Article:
Poster a trip down memory lane

The average Kiwi fish and chip shop these days is a bit different from those of my long-ago youth: they’re as likely to feature framed prints, arty menus, glossy plants and fancy-schmancy tartare sauce as they are a pile of magazines that includes a three-month old Auto Trader and tiny plastic packets of good ol’ tomato sauce (aka TF, and if you don’t know what that means, I’m not going to tell you).

When I was a wee nipper, every shop in New Zealand had one of those 2 cent games that flicked a ball bearing around a spiral. For the life of me, I can’t remember if there was actually any point to it apart from the privilege of dropping your 2 cents in the slot. And for the average kid back then, 2 cents was a decent chunk of cash: a 5 cent mixture at the corner dairy gave you a lolly bag that was more than half full. Good times.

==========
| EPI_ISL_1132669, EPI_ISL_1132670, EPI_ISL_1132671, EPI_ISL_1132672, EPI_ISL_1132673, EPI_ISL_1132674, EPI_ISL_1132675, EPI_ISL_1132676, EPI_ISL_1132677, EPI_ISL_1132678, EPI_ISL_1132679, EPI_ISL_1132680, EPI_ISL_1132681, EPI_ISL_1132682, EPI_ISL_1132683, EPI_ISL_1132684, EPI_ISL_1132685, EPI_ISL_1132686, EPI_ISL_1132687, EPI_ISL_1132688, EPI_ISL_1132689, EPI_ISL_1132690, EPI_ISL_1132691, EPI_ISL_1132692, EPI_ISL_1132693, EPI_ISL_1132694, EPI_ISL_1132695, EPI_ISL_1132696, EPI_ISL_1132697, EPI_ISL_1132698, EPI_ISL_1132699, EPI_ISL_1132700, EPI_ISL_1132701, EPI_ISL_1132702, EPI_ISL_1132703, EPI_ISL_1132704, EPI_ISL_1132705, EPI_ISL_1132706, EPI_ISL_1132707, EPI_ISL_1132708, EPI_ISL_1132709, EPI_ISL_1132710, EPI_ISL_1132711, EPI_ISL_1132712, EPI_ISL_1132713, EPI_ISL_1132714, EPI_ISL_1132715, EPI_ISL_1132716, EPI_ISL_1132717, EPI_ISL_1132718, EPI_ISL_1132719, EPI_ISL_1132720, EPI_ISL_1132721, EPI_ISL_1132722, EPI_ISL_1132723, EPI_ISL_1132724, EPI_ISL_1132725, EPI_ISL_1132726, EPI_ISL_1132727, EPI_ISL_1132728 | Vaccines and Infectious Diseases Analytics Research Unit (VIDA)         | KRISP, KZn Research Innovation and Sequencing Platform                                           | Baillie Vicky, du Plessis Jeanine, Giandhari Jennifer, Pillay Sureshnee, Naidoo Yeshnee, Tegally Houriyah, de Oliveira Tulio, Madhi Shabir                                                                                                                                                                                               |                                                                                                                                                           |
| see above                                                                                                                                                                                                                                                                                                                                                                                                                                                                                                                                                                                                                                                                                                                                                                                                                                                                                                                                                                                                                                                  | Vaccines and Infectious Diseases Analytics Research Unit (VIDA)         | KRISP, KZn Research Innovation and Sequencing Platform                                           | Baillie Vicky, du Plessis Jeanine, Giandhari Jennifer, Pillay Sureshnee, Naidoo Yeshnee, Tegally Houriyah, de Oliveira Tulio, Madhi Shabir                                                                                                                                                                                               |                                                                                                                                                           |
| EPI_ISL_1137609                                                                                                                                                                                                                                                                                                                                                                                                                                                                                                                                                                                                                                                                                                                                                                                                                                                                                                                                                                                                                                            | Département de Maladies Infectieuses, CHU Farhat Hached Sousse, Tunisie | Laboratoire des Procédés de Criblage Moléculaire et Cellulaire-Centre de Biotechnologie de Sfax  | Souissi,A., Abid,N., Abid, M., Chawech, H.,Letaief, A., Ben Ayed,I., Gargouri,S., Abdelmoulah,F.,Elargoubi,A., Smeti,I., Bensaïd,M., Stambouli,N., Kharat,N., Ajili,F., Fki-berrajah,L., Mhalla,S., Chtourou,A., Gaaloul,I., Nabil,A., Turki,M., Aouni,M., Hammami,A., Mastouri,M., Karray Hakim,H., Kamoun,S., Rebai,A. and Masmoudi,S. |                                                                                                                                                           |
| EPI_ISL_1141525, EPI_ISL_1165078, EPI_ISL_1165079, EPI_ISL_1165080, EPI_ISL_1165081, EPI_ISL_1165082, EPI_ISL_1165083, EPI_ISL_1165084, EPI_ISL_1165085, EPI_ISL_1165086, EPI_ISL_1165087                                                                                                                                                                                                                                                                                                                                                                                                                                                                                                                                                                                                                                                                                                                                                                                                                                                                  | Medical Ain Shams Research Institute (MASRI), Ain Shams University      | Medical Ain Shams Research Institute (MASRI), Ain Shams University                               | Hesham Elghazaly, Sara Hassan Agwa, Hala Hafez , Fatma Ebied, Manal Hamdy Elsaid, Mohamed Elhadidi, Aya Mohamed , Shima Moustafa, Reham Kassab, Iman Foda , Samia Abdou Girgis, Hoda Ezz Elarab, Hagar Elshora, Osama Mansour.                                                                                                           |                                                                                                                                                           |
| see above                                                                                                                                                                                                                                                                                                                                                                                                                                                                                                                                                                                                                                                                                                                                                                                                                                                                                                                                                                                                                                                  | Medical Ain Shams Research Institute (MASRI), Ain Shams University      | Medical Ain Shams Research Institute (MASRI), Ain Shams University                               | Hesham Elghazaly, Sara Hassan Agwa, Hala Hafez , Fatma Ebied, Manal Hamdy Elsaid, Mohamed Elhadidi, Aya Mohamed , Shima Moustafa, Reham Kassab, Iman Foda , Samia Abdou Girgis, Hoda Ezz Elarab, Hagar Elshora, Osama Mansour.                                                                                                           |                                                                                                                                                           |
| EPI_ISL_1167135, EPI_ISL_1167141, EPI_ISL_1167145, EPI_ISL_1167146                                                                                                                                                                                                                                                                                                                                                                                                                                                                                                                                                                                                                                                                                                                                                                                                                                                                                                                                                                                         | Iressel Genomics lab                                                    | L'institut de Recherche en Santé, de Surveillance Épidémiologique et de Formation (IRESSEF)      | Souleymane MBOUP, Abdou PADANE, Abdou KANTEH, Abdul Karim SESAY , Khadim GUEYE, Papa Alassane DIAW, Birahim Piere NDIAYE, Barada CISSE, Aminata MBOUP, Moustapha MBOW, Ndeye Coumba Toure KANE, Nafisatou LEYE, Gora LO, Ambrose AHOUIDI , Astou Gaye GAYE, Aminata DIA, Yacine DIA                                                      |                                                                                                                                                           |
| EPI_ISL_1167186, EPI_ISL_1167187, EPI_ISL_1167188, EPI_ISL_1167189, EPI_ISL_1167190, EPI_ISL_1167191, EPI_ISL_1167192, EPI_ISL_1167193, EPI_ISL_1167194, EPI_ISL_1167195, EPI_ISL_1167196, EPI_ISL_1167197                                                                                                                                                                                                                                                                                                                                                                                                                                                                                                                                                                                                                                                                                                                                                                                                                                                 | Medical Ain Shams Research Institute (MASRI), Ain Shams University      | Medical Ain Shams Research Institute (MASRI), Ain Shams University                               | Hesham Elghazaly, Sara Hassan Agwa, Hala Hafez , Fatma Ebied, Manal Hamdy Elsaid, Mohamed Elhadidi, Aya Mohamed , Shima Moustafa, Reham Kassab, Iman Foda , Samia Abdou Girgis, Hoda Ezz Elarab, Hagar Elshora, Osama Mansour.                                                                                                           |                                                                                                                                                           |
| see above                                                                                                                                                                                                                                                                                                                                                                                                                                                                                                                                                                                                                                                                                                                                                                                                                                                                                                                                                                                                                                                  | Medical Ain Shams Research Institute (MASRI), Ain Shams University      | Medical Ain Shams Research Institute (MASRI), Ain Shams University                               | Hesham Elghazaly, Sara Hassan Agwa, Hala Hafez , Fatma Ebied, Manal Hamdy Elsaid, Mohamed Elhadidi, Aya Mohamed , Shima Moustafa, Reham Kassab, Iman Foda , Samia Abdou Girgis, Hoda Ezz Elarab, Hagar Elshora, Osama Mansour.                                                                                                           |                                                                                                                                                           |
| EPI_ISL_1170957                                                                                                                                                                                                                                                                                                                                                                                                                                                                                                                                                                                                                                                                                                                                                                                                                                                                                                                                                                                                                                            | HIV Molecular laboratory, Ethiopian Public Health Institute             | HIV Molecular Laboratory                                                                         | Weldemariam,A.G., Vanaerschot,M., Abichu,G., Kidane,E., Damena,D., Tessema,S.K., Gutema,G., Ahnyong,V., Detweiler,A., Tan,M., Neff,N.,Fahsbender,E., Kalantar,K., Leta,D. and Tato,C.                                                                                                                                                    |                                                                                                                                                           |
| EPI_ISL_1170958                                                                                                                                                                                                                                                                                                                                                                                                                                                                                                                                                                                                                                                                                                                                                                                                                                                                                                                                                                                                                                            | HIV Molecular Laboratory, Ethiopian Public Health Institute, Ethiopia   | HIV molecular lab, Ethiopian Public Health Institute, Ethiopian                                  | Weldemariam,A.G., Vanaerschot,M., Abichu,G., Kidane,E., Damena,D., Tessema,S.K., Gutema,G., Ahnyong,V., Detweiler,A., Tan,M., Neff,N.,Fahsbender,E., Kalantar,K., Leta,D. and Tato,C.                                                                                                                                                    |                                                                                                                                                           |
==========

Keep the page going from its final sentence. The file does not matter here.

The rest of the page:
Then there were the pinball machines, normally shoved in to a corner and surrounded by surly looking kids who probably fancied themselves as something akin to the Fonz.

These both pre-dated even Pacman and Space Invaders. Oooh, I remember the excitement when our local chippie got its first Spacies machine.

But one thing that hasn’t changed over the years is the iconic fish poster. You know the one – it’s most likely hanging on the wall of your local chip shop, and was probably on the wall of the one you went to as a child. It features a whole bunch (school?) of our fish. The best and the brightest (or indeed the tastiest).

And now you have the chance to own a fish poster of your very own for $25.

Te Papa Press was so happy with the success of the four-volume encyclopaedia Fishes of New Zealand that a companion poster has now been released. It’s reminiscent of that iconic fish and chip shop poster that we all know an love, and features a selection of 222 fishes. Designed to appeal to fishing enthusiasts and lovers of Kiwiana, the poster includes favourites such as the sunfish and sharks, commercial species such as orange roughy and snapper, the ubiquitous spotty, as well as the blobfish, bearded angler and many more curious and unusual fishes that call New Zealand’s marine environments home.


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